I don’t have any mobile phone at present as physically they don’t work for me. I have a one button panic button that give me two way voice communication with an emergency service that can call my housemates if needed, so that covers the emergency aspects.

I also have an iPad mounted on my wheelchair which works great for computing, internet, entertainment, texting, etc. Decent voice control and one knuckle touch for most stuff. Excellent battery life. The current SmartThings app has some display problems, but is manageable if annoying.

So I don’t have any android devices at the moment. I’m hoping eventually there will be a smart watch that will work for me, but that may be a ways off.

I’m always interested in new options, especially stuff that actually exists, so I’ll take a look at your software and see how it might fit with what I need. Thanks for the suggestion!

I don’t know of any sensors that have restrictions like this. However, I can think of some options. They would initially require experimentation, but once you have it understood you could deploy more following the same rules.

Two things come to mind

  • use tape on the lens to narrow the area it can see. I believe some sensors allow you to remove the front, such as the Monoprice ones (if I recall). You could put the tape on the inside instead of the outside so it looks better. The SmartThings sensors use a very small lens window, which would make it really difficult to cover up.

  • change the POV completely, not just the “angle on a shelf” What happens if, when you combine it with taping off some of the lens, you place it in a completely different position? For example, if you want something to happen as you approach something, narrow the field of view with tape and then place it on a wall perpendicular to the location. That way, it acts more like a “light beam” or “trip beam” sensor.

As for the IR part, I don’t think you need much to block it. You don’t need “insulating material”. It is still fairly “visual”, so I bet some simple electrical tape on the inside of the lens would work…heck, even masking tape would probably work.

Grab a friend to help you experiment with covering up the lens and narrowing down that field of view and, like I said earlier, you could easily replicate to other sensors.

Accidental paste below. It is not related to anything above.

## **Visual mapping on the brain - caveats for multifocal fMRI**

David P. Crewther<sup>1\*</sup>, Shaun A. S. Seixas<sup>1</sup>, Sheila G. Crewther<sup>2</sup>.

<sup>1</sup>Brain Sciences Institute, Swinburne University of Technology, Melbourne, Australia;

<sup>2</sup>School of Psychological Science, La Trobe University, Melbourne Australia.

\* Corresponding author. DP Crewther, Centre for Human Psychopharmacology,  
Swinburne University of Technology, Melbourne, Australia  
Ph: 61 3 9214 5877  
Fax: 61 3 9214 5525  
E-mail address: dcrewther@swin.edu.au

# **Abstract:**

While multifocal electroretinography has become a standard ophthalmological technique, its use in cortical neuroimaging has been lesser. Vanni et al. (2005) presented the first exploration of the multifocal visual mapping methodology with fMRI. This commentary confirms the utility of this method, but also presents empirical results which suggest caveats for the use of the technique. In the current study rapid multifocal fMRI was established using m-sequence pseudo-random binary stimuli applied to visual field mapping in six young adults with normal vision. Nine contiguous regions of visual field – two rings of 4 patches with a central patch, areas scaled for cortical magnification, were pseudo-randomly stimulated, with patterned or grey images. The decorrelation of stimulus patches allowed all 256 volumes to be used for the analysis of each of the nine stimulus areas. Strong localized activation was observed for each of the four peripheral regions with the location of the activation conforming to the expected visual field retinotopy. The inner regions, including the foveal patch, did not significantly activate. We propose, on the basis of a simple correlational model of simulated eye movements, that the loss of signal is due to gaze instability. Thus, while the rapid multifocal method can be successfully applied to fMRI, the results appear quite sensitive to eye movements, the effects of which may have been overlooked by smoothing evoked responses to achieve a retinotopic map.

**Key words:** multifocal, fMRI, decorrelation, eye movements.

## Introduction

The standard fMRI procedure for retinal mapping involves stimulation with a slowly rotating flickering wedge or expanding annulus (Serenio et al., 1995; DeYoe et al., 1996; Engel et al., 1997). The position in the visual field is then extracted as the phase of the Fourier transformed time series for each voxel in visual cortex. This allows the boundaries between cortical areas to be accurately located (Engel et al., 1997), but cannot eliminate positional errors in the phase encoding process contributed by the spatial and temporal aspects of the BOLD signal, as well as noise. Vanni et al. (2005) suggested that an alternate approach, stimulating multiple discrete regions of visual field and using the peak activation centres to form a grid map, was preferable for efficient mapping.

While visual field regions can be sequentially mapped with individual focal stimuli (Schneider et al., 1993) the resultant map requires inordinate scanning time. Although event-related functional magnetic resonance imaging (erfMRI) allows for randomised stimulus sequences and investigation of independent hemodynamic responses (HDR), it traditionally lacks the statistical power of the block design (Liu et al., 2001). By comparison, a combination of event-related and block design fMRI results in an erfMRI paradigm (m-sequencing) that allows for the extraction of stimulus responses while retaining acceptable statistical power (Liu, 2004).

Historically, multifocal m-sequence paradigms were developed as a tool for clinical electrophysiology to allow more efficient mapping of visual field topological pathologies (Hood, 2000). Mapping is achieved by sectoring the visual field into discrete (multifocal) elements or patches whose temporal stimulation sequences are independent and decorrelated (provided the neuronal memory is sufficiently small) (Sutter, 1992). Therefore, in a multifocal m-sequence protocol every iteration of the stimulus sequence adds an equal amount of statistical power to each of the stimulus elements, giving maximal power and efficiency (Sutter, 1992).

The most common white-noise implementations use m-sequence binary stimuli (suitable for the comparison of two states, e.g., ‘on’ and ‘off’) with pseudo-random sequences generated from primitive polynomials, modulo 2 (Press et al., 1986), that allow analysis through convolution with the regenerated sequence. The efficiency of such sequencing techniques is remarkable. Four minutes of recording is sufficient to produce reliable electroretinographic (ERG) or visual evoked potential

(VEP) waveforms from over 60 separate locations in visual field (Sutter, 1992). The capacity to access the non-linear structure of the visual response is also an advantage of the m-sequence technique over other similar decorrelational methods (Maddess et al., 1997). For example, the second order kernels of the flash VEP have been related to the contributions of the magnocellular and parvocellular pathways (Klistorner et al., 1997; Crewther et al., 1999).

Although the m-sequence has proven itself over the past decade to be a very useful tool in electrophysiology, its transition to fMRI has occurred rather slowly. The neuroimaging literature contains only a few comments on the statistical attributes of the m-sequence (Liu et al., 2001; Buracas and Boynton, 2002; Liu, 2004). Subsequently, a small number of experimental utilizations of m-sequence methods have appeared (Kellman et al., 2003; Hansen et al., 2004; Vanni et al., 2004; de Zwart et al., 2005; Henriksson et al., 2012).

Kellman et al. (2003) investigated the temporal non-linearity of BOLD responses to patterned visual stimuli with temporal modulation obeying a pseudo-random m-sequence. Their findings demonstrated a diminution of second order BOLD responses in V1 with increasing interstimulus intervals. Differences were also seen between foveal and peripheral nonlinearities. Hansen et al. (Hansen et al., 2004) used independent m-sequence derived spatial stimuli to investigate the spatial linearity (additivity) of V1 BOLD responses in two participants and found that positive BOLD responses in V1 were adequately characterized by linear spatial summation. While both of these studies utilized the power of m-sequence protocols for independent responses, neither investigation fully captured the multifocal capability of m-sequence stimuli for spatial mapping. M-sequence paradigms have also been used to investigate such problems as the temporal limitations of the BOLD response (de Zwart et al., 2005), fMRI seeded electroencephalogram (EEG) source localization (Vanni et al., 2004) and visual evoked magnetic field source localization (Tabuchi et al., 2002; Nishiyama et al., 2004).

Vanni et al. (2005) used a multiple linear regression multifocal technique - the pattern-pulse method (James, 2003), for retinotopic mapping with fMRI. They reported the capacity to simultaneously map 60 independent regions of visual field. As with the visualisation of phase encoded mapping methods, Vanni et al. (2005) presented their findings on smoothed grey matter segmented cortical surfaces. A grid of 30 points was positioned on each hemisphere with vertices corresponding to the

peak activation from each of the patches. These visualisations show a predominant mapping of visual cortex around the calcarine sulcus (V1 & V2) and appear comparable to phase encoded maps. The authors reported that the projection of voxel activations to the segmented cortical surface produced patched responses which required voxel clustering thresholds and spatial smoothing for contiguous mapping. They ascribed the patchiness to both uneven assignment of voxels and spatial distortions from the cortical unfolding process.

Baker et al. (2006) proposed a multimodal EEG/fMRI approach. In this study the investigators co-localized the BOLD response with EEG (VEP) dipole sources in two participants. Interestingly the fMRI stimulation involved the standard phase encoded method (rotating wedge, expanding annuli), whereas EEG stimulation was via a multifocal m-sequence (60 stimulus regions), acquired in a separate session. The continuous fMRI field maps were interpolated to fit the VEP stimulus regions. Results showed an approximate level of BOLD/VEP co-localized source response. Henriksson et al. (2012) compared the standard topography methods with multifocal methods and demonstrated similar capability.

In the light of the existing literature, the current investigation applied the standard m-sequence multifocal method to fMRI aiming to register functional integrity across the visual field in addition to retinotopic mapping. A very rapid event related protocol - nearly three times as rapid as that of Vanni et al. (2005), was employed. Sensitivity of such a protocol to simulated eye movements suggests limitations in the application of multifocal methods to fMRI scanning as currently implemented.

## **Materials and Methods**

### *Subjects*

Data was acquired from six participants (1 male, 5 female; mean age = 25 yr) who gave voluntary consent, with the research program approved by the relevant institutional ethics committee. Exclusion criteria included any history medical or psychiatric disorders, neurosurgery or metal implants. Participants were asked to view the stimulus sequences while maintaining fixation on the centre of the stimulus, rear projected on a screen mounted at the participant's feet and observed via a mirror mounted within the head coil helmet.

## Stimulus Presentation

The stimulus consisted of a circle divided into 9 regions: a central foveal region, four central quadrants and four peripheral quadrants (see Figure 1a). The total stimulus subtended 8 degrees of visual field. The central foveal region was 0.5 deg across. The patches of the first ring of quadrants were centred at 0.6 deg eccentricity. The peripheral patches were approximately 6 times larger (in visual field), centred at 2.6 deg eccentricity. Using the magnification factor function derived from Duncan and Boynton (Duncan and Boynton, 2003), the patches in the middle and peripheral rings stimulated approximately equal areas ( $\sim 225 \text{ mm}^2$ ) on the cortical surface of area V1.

I’m going to check my one Monoprice motion sensor I have at home and see if what I said before is true. If it is, I’ll do a little tape experiment myself and let you know what I find. The sensors are inexpensive compared to others, so they are good to experiment with. The custom device type that is noted on the boards here works well.

This one (picture below) … or the older original model?

I only have the older original one – it has a “cylinder” shaped lens; the new one has a “dome”.
Either way … good luck! Definitely try to picture what the “visible” area it is by looking at the shape of the lense are where you are pointing it. These are designed to have a very wide area view. Blocking parts of this view with silver duct tape or foil might even be effective, but definitely hard to be precise.

Yeah, I think the larger ones, like the Monoprice, would be better to block off since the lens is further away from the sensor and, hence, bigger. I’m definitely going to experiment when I get home - I’ll even rope my daughter into it as a science project. I’ll let you know what I find.

I have the newer one.

I understand the angle issue, that’s why we put it lying down facing up on the bookshelf. So it’s easy to reach and wave a hand over, but I had hoped it would not pick up people walking by. But it does still trigger sometimes when someone is just walking in that area.

It only seems to be happening to the left of the unit but I’m now thinking it’s the moving past that is somehow moving a shadow across the lens. Just because of the layout of the room and what’s on those shelves if someone is on the right side of the unit they’re likely continuing off to the right or further into the room. But someone going to the left of the unit is likely to turn and walk to the right. So that’s a crossover.

Tape might help narrow the field so it doesn’t pick up the passers by. The good thing about this whole situation is that when we do want the detector triggered, it’s very intentional. So the person, even me, can wave a couple of times to be sure to hit the sweet spot.

I have used other motion detectors in the past to turn lights on, but it was a different situation, I was fine with it turning on as soon as anyone went in the room. This particular project is to control a device on demand, but I don’t want it coming on everytime someone walks by. It’s really just going to be a touchless switch.

I’m pretty excited about the whole idea. Voice control, however and whenever it gets here, is going to be great, but touchless silent control has its place too, especially when you have housemates. :blush:

My housemate got home. I understand insulation may not matter, but as it happens we had an insulated bento box container no one was using that looked the right size, so we used that. (Obviously part of the trick here is obscuring the motion detection without affecting zwave interconnectability.)

Anyway, it’s on the same shelf in about the same position and seems to be working great. Trigger is limited to when we actually wave a hand over the top of the box. The motion detector is lying flat inside the box facing upwards.